I found my own agent not by referral but by reading up on the industry, studying the acknowledgments pages of other books, and sending an over-the-transom pitch. But when I’ve told colleagues who’ve asked my advice about breaking into the trade market that they should read Publishers Weekly and research the industry, they’ve rolled their eyes, as if to say, "You mean this actually involves some work?" If you can’t be bothered to find out about the business you want to join, don’t bother to join the business.

How do you sell your book to an agent?  You need to write a short, punchy pitch letter that brings an agent bolt upright in his or her chair as though a gorilla just charged into the room. That’s a good rule of thumb, anyway. The pitch sells the proposal, which in turn sells the book. To change metaphors, you might think of the pitch, proposal and book (either sample chapters or full manuscript) as the top, middle and bottom of a pyramid, respectively. Since each part must sell the next, each has to embody your best possible writing. A sloppy or half-baked pitch won’t garner a request to see your brilliant proposal. And a botched proposal won’t attract an ounce of interest in your masterpiece of a book. Write every sentence of each part as if your publishing contract depends on it. Because it does.

Will I have to change my writing style to do a trade book? Yes, you’ll have to lose the scholarly jargon and the tangles of theory, presenting the results of your research in clear, exciting prose that people actually want to read. Remember, with a trade book, unlike many academic titles, readers generally will buy your book only if they want to, not because they have to.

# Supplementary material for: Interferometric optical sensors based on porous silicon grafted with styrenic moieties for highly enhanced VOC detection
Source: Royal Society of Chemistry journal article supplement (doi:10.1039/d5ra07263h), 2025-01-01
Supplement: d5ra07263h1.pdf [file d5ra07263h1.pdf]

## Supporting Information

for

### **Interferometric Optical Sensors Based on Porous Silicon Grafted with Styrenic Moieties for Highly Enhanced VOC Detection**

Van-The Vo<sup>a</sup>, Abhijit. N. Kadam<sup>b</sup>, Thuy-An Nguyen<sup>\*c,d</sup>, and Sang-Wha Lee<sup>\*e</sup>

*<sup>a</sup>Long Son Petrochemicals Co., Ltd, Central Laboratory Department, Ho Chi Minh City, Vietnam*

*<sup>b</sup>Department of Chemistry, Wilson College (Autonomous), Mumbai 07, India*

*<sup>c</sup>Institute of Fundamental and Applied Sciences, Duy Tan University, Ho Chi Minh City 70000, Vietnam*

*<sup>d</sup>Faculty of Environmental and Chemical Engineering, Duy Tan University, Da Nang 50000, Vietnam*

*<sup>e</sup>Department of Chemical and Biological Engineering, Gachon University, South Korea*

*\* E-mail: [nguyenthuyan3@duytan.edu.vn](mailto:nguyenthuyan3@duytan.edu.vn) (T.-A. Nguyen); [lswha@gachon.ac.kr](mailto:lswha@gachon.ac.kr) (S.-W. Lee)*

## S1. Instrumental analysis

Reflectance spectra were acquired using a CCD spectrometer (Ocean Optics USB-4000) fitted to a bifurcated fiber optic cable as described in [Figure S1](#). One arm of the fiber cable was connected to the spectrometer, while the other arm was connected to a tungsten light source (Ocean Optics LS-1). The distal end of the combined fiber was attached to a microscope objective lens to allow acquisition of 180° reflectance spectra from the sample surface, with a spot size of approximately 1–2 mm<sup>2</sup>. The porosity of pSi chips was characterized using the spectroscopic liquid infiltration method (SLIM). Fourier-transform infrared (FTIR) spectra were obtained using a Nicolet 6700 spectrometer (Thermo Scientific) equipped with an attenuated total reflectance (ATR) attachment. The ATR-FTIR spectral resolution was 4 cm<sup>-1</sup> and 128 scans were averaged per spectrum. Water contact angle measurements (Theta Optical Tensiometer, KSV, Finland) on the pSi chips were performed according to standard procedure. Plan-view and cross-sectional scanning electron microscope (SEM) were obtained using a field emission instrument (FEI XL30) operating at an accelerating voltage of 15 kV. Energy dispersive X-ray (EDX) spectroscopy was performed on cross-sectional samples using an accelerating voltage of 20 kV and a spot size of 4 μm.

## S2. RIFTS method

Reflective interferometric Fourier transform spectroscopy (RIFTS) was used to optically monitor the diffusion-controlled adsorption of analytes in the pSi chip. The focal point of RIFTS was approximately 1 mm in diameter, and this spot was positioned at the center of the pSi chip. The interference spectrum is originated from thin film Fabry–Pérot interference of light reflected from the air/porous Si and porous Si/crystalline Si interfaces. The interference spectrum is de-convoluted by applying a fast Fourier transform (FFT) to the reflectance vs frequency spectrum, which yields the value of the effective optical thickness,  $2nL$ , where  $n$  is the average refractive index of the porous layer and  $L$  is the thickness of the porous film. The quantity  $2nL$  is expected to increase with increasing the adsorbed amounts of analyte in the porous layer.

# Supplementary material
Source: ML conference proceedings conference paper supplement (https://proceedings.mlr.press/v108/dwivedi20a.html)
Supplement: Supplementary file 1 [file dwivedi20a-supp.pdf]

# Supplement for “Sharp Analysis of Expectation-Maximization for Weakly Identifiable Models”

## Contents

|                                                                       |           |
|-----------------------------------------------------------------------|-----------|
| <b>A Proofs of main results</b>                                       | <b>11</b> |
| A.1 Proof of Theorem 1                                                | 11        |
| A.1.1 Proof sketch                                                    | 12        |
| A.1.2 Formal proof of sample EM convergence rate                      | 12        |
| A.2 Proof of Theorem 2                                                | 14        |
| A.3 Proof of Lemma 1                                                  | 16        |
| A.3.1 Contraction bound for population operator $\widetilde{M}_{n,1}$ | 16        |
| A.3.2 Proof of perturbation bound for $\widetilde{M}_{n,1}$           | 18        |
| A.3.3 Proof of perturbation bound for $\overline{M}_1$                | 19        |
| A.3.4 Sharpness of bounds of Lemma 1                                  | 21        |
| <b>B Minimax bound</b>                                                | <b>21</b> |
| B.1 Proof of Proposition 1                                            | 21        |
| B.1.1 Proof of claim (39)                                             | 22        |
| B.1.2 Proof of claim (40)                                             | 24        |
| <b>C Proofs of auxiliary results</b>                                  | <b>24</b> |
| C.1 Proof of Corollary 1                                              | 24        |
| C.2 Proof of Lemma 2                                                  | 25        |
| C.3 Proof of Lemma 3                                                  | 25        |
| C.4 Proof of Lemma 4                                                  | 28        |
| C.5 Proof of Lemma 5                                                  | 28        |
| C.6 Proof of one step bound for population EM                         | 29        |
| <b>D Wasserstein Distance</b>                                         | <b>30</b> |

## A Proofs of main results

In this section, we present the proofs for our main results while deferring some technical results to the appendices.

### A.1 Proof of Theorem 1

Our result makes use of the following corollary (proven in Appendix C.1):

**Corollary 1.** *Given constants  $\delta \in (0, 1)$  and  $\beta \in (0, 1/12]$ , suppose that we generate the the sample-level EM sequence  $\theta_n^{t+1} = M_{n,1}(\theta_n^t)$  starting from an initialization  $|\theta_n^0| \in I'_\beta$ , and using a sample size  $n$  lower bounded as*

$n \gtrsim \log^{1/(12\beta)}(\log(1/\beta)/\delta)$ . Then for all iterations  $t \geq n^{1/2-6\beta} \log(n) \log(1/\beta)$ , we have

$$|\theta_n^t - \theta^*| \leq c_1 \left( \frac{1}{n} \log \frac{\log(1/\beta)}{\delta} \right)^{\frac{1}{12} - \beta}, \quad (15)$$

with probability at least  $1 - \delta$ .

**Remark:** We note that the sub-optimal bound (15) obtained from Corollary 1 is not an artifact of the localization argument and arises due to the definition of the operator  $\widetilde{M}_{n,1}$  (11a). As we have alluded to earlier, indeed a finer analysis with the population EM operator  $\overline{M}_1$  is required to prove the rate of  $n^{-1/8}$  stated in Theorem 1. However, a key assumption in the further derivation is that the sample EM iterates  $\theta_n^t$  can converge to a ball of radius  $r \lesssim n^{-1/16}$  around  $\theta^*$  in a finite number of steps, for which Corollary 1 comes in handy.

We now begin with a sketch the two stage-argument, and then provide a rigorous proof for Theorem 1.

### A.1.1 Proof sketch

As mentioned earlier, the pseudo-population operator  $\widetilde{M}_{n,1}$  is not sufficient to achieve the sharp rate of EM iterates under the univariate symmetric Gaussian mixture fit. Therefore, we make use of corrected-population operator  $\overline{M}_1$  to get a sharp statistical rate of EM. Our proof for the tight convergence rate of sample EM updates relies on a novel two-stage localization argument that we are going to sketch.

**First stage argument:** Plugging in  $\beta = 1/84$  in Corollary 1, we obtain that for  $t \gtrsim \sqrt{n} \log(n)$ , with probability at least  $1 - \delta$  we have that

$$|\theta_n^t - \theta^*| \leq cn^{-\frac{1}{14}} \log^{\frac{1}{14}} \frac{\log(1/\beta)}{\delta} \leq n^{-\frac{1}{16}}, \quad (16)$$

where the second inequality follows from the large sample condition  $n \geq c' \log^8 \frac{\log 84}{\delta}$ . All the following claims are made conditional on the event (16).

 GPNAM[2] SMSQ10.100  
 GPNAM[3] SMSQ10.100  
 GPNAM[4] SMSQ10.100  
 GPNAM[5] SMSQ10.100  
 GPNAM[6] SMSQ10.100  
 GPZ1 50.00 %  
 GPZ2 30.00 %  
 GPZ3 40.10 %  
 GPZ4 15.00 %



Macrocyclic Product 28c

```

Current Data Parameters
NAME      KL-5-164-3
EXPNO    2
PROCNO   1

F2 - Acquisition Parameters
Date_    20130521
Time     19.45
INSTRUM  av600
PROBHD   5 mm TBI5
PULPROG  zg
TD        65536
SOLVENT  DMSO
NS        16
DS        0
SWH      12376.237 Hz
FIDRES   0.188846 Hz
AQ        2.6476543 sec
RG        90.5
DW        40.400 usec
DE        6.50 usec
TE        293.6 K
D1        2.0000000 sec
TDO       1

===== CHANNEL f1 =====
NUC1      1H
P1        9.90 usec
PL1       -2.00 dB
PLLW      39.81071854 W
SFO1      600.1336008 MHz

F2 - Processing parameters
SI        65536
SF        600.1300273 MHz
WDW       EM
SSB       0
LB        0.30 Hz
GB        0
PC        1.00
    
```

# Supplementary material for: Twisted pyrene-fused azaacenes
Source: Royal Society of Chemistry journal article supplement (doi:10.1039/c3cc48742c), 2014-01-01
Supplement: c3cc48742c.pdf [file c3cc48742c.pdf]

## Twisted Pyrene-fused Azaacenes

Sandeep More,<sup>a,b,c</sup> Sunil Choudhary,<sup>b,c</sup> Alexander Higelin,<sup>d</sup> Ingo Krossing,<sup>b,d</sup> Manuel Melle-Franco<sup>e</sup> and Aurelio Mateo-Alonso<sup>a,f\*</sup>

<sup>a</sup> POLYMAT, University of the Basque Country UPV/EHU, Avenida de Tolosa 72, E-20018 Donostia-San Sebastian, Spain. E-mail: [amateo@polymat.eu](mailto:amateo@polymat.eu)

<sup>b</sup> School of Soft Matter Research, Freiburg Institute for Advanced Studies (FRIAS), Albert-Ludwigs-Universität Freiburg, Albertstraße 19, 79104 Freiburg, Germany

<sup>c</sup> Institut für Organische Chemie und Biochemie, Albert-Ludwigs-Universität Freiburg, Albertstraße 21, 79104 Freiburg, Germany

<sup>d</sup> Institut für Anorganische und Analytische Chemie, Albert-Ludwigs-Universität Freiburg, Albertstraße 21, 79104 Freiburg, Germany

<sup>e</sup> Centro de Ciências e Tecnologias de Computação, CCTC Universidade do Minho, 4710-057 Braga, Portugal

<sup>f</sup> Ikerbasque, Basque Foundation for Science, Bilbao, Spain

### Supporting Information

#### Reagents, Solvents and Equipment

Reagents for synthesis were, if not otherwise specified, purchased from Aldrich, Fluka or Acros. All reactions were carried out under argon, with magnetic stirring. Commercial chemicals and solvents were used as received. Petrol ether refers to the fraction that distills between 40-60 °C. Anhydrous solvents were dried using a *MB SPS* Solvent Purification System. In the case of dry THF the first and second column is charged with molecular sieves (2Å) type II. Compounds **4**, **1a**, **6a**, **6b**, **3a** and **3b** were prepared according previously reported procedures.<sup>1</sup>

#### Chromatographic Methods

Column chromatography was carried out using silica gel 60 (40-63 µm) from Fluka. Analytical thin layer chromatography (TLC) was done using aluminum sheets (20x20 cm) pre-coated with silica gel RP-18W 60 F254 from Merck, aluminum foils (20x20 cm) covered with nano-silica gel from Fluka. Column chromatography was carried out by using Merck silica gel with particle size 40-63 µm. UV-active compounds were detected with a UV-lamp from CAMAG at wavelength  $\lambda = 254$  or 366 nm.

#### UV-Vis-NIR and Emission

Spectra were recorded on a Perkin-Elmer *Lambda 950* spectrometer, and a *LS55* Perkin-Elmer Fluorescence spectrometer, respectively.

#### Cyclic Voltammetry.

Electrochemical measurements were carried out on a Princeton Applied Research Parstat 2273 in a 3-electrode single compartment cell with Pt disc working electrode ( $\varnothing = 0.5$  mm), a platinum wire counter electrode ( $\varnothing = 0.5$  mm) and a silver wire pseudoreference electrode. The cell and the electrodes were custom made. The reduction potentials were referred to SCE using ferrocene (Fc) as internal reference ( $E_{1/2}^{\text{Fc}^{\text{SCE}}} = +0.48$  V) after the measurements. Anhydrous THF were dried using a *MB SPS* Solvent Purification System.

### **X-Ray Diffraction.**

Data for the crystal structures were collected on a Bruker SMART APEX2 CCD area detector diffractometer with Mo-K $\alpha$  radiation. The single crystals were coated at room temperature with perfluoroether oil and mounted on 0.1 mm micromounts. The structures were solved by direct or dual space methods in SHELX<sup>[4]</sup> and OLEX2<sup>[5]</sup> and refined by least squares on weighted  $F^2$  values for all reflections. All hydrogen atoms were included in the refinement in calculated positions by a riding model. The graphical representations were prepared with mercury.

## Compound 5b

The most readable books usually have a narrative thread. They tell a story that draws the reader in with intriguing events and vivid characters. Often they belong to a familiar genre, or they combine multiple genres. For example, Natalie Zemon Davis’s The Return of Martin Guerre (an academic press title that had great crossover success and even became a film) is not just history but also a kind of detective story.

Whether your book is about a historical event, a scientific discovery, a famous person or a not-so-famous person who lived a remarkable life, you need to make the reader want to read the story that originally moved you to write the book. To do this, you have to learn everything you can about your subject, and then forget everything you know -- or at least the fact that you know it -- in order to tell it afresh for others.